Let’s set the scene. It’s a glorious sunny afternoon, and you’re playing fetch with your dog, Rover. He’s sprinting back and forth, joy in his eyes, when suddenly you notice a nasty scrape on his side. In the days that follow, that scrape turns into a scab. But where did it come from? Was it the rough-and-tumble play? Or is there something more to this story?

That’s right, my friends. Scabs are not just the aftermath of a scrape or cut. They’re the body’s response to various forms of skin damage. So, what are these villains that cause our furry friends such discomfort? Buckle up, because we’re about to embark on a journey to unmask these culprits.

First up on our culprit list – fleas. These tiny, jumping pests are the bane of any dog’s existence. When they bite Rover to feast on his blood, they can leave behind itchy, painful spots that Rover might scratch until they scab over. So, if you notice Rover scratching more than usual, it might be time to check for fleas.

Next up, food allergies. Can you believe that Rover can be allergic to certain foods, just like us humans? It’s true! If Rover managed to sneak a bite of that leftover pizza, it could lead to more than just a satisfied stomach. Certain ingredients might trigger an allergic reaction, causing red, itchy spots that can eventually become scabs. That’s why it’s always important to keep an eye on what Rover eats!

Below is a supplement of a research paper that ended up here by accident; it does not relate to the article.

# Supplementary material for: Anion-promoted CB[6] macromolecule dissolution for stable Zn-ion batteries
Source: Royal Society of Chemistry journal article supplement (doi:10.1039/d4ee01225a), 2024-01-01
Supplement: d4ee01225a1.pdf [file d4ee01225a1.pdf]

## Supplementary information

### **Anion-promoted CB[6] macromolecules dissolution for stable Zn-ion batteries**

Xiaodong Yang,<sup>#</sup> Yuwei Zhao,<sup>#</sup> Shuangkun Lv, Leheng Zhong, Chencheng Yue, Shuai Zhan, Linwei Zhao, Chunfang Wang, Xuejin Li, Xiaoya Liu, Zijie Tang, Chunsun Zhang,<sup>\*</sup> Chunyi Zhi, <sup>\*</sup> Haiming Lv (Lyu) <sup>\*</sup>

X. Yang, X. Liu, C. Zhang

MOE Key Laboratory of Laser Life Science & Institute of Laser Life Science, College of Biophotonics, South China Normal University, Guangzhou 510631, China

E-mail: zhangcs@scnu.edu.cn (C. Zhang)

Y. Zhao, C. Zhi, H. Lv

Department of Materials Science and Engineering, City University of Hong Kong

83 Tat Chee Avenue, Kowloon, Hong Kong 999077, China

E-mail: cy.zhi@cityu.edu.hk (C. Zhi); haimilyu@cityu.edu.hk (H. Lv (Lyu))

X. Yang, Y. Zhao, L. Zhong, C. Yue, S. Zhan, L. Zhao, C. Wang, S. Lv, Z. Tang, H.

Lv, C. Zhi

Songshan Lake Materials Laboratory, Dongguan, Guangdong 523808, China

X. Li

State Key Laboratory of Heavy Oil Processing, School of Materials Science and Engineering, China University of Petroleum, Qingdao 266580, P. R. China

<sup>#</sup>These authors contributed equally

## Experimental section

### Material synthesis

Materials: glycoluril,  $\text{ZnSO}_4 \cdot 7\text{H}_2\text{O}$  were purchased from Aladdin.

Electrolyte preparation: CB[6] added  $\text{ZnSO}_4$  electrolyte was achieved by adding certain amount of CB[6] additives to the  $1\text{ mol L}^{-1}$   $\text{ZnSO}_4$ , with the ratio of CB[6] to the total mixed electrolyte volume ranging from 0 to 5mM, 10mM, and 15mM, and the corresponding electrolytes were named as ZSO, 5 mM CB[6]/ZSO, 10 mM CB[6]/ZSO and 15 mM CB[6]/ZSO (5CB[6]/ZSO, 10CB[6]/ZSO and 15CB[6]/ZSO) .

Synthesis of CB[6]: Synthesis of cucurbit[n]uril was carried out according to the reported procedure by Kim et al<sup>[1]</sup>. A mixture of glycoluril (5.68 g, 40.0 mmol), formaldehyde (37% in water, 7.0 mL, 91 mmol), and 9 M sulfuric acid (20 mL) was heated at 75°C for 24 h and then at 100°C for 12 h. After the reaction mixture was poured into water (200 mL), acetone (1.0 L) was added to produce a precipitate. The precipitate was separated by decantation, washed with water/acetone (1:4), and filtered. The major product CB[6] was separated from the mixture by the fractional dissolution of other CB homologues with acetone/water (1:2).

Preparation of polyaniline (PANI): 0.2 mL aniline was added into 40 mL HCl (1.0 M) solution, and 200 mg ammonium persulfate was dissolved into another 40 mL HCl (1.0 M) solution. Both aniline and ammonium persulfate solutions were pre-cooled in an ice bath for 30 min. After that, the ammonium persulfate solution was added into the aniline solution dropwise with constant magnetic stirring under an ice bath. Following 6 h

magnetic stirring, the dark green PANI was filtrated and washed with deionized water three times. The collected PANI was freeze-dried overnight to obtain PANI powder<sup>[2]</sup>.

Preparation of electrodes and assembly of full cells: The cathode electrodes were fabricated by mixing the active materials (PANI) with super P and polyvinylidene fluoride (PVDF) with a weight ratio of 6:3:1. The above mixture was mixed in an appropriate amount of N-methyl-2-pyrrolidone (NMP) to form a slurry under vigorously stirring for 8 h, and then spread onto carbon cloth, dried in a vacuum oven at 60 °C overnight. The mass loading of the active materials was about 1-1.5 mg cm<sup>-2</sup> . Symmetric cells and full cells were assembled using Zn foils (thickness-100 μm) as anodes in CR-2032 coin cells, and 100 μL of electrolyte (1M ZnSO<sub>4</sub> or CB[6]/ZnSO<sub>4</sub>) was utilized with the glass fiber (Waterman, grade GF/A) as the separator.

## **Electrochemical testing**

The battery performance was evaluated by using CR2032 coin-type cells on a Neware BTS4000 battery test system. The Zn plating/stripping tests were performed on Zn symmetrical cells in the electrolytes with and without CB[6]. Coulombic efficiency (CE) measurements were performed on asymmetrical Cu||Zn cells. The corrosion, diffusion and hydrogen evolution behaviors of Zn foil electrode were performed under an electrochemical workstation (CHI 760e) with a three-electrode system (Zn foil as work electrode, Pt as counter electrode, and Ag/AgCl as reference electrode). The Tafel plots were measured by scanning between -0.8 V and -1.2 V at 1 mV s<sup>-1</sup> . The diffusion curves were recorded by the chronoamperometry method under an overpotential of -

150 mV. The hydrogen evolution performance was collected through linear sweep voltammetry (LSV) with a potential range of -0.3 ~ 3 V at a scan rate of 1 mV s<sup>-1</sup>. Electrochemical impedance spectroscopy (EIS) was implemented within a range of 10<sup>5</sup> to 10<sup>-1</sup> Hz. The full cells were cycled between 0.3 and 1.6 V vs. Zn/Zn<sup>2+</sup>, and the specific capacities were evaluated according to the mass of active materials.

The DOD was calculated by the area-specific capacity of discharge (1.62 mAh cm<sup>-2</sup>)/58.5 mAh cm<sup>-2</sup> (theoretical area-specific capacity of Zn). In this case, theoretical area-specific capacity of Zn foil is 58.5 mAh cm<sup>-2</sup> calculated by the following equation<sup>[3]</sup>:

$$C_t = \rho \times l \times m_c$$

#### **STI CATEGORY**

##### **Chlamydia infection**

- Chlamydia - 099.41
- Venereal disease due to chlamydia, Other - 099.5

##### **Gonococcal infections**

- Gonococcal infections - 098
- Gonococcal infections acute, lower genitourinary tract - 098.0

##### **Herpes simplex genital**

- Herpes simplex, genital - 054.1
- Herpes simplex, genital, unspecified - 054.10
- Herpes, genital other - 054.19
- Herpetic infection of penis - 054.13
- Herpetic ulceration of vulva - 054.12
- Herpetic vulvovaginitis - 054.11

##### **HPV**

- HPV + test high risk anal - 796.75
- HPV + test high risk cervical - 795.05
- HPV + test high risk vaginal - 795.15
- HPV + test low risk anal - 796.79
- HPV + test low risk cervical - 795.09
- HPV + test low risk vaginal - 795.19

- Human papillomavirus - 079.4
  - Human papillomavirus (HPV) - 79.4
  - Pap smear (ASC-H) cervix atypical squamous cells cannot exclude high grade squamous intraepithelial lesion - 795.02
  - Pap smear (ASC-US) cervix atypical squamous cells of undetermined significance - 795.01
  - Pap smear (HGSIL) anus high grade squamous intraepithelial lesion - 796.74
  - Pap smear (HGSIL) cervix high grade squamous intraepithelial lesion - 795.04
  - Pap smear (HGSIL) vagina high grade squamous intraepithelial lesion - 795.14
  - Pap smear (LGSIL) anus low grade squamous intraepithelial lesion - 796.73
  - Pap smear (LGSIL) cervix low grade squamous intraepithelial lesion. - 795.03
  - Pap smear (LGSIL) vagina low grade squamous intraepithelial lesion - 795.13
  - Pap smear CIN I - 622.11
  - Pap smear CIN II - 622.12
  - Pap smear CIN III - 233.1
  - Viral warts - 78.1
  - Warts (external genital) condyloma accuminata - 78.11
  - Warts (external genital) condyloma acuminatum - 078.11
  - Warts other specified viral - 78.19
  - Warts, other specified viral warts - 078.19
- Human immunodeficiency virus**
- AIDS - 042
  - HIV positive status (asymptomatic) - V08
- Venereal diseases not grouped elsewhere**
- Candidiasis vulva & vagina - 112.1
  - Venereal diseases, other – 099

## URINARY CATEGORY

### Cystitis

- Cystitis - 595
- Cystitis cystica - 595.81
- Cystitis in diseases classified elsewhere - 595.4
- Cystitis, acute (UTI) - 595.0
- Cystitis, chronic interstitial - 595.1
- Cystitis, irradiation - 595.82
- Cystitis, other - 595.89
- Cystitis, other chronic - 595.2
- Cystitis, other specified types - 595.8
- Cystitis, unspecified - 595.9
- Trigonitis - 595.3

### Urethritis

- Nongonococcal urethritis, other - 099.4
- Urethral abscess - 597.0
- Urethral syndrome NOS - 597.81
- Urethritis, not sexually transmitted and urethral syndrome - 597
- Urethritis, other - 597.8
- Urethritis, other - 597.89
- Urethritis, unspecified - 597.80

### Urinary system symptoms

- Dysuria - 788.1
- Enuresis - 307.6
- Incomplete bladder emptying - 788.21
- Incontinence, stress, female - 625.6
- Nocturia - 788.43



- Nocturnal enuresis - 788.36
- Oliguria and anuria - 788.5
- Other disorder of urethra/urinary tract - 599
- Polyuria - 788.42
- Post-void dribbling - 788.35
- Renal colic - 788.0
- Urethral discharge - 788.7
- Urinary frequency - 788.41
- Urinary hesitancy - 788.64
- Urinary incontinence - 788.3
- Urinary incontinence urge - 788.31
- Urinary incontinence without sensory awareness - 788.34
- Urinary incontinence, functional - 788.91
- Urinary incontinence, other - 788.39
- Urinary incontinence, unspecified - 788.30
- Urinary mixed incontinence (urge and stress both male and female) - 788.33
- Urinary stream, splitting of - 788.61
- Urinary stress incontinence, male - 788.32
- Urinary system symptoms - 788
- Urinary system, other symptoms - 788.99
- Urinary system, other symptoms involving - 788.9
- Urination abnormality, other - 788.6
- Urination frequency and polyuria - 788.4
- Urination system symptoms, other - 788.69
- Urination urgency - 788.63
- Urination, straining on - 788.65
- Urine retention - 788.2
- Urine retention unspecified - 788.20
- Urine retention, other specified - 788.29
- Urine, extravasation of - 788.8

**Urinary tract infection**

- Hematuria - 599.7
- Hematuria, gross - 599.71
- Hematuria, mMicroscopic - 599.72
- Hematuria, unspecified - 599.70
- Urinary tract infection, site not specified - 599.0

Our last suspect is less visible but equally pesky – bacteria. These microscopic bugs can invade Rover’s skin and cause infections that lead to sores and scabs. And unlike fleas or food allergies, bacterial infections might need a trip to the vet and some antibiotics to get under control.

In a nutshell, scabs are not just the result of a rough play session. They can be signs of a deeper issue that needs to be addressed. So the next time you see a scab on Rover, remember – it might be time to play detective and get to the bottom of it!

Healing Touch: Treating Scabs and Fostering Hair Regrowth

Now that we’ve sleuthed out the causes, it’s time to roll up our sleeves and get to work. Treating scabs and encouraging hair regrowth in our canine pals requires patience, care, and a dash of detective work. Remember, every dog is unique, and what works for one may not work for another.